Titan – one of the most mysterious satellites of Saturn – has long attracted the attention of NASA scientists. It is possible that one of the missions of the next decade will be sent there, although the competition among the applicants is quite high. For his research, the specialists of the Laboratory of Applied Physics, Johns Hopkins developed the concept of a new multi-copter, which was named Dragonfly (“Dragonfly”).
Dragonfly is designed to take into account the low gravity of Titan and its dense atmosphere, which makes the use of solar cells impossible. As a power source, a radioisotope thermoelectric generator similar to that used by the Curiosity rover on Mars will be installed on it. It will allow the copter to fly during the day and be recharged at night.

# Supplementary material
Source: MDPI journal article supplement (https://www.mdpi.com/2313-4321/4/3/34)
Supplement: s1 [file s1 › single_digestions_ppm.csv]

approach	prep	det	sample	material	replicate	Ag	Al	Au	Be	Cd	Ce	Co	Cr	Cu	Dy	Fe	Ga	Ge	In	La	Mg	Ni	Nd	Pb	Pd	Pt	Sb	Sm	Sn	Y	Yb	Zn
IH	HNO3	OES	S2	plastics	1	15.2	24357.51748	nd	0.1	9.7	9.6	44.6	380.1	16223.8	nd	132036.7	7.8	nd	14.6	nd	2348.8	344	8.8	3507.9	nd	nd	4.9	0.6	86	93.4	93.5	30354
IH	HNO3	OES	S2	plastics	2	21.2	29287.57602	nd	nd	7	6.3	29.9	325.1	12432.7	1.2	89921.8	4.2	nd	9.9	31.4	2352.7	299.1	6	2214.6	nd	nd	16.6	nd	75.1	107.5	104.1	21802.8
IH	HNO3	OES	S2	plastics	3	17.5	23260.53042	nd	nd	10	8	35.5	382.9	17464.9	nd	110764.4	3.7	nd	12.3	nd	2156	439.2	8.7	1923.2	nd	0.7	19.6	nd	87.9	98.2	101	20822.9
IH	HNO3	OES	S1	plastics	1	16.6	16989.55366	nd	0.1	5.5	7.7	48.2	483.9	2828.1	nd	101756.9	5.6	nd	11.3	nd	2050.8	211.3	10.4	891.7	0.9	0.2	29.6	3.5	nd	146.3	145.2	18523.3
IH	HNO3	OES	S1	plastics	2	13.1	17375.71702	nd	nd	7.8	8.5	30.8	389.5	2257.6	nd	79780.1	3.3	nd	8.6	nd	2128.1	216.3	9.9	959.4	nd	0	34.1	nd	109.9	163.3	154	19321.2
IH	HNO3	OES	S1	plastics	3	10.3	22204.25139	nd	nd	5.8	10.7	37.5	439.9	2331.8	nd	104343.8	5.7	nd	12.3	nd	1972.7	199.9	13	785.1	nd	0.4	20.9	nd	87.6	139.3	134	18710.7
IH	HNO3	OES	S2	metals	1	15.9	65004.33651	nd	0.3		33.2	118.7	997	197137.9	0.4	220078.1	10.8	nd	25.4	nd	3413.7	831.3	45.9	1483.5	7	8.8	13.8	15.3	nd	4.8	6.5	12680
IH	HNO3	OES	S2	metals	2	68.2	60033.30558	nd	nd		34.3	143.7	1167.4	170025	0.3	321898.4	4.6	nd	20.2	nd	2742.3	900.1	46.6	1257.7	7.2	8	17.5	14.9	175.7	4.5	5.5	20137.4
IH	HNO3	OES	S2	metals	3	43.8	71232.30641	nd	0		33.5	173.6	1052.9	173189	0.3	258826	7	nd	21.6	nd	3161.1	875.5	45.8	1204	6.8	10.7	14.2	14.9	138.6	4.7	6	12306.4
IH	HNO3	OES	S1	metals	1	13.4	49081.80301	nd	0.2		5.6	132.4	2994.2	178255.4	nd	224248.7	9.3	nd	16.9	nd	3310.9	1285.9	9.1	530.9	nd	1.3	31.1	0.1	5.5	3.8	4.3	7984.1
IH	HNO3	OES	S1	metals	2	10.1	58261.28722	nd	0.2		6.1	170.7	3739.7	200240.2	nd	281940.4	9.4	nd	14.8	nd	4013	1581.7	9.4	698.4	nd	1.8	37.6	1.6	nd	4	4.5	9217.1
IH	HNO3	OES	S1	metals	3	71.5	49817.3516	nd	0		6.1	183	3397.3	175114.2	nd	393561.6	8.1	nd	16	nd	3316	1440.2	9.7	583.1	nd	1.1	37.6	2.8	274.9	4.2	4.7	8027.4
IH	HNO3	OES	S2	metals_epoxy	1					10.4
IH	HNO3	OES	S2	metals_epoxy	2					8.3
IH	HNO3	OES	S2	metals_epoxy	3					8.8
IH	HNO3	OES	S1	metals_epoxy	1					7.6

Aerial mobility Dragonfly will significantly expand the range of collected samples and produced measurements. According to the calculations of engineers, for one hour of flight the copter can overcome the distance from 10 to 20 kilometers. This means that within the framework of a two-year mission, the device will be able to investigate a considerable portion of the surface of Titan. For one jump, Dragonfly will be able to cover a greater distance than Curiosity overcame in four years.
To date, the Dragonfly project is one of the 12 contenders for the main prize of the competition, which is held by NASA in the framework of the New Frontiers program. The final winner will be announced in mid-2019, and the launch of the mission is scheduled for 2025 .